As a consequence, they were exhausted emotionally, with a feeling of disbelief and dissatisfied with the job content, what may have led to the exit attitude. It was concluded that the reward for positive feedback at work and the identification with the performed tasks are key influencers of satisfaction, relationship that is mediated by burnout, especially for emotional exhaustion.
Project networks and the local labour market. The implications of foreign film productions for the Croatian audio-visual industry
Institute for Development and International Relations, Croatia
This paper provides a critical analysis of the changes in labour market in Croatian audio-visual industry that are brought about by the foreign film productions and its’ contextualization within local structural factors on the one level and global challenges on the other. The analysis begins by exploring the historical and structural factors (Murdock and Golding, 2016; 766) influencing the local labour market in Croatia’s audio-visual industry; then it goes on to decipher patterns of interactions and power structures created within particular project networks (Jones, 2000) as a result of incoming productions. This is done by presenting data from case study research on foreign film productions in Croatia executed during 2015 - 2016. The case study is underpinned by an exploratory, sequential, mixed-method design (Cresswell, 2009) that combines an analysis of quantitative indicators i.e. fiscal indicators of the Foreign Film Incentive Programme provided by the Croatian Audiovisual Centre and data from the Croatian Bureau of Statistics; and qualitative data based on eleven expert interviews (Bogner, Littig and Menz, 2009) with key stakeholders within audio-visual production in Croatia using the interview guide approach (Patton 2002). The aim of the paper is to provide a background for a more multi-layered discussion on the commodification of labour in media and communication industries in general (Mosco, 2008), and to contribute to our understanding of structural imbalances in the global creative economy.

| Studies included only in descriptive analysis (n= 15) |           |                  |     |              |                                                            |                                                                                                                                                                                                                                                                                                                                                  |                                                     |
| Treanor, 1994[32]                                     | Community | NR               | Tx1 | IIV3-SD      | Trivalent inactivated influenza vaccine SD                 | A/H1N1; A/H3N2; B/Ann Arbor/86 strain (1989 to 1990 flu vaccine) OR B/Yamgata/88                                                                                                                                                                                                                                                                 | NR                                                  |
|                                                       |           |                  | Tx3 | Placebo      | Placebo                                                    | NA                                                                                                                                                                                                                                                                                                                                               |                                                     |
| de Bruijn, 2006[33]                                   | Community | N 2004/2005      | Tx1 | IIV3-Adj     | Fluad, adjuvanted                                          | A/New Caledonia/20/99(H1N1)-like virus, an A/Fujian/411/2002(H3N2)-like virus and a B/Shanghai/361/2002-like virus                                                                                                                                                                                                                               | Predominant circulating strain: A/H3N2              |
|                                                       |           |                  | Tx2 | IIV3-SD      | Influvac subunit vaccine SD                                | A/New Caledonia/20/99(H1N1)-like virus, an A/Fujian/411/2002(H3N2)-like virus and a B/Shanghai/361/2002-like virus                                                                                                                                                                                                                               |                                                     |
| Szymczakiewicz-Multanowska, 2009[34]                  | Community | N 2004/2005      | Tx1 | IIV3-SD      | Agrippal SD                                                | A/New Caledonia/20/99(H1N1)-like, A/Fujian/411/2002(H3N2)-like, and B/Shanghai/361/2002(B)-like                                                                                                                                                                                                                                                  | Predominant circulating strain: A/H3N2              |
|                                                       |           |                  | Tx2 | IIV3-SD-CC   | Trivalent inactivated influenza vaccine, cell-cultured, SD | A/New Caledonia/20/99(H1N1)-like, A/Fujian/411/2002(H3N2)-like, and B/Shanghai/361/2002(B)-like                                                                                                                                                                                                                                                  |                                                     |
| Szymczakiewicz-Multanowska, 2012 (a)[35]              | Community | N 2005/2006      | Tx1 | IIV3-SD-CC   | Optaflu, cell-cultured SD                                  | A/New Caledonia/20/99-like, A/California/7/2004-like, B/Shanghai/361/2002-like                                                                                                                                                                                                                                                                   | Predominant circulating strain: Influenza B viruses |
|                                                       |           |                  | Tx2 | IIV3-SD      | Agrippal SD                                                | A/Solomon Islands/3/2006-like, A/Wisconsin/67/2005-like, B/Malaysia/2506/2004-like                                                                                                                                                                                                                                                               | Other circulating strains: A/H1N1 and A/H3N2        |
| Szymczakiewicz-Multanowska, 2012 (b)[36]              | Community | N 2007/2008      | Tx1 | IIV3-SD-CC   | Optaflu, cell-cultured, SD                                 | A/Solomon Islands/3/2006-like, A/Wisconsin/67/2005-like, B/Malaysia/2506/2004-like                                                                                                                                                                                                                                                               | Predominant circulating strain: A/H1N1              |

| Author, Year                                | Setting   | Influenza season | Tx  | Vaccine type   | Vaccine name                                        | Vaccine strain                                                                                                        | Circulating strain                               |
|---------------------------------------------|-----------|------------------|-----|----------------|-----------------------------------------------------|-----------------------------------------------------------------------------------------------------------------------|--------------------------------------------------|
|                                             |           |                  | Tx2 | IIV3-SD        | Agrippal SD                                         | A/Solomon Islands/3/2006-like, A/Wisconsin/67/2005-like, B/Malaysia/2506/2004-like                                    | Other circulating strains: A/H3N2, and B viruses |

Where is Social Class in Brazilian Communication Research?
University of São Paulo/ FIAM-FAAM University, Brazil
The papers presents research results on how the concept of social class has been approached in communication research in Brazil. We analyzed 48 congress papers, 42 PhD and Master thesis between 2010 and 2014 that involve social class in communication studies. Then, we conducted a bibliometric analysis, considering the most-cited authors, and we analyze qualitatively how the concepts of social class and communication are studied in these researches, theoretically and epistemologically. That is, what are the meanings of social class in communication studies? What their theoretical approaches? What does this imply for communication studies? Do these researches consider the social subject and the struggles? Is there social ontology? In general, we can observe theoretical and methodological weaknesses with respect to the concepts of social class and communication, often occurring a naturalization of the concept of class. The theoretical meanings of social class are trivialized or shallow, not considering issues of struggles and conflicts, with inequalities transformed into mere differences. There are no Marxist authors among the most cited. What are the implications of the disappearance of struggles and social subjects for communication research? How can we think of a critical theory of communication that thinks of class struggles? We seek, finally, how we can think of class struggles in communication from a Marxist point of view considering the ontology of social being.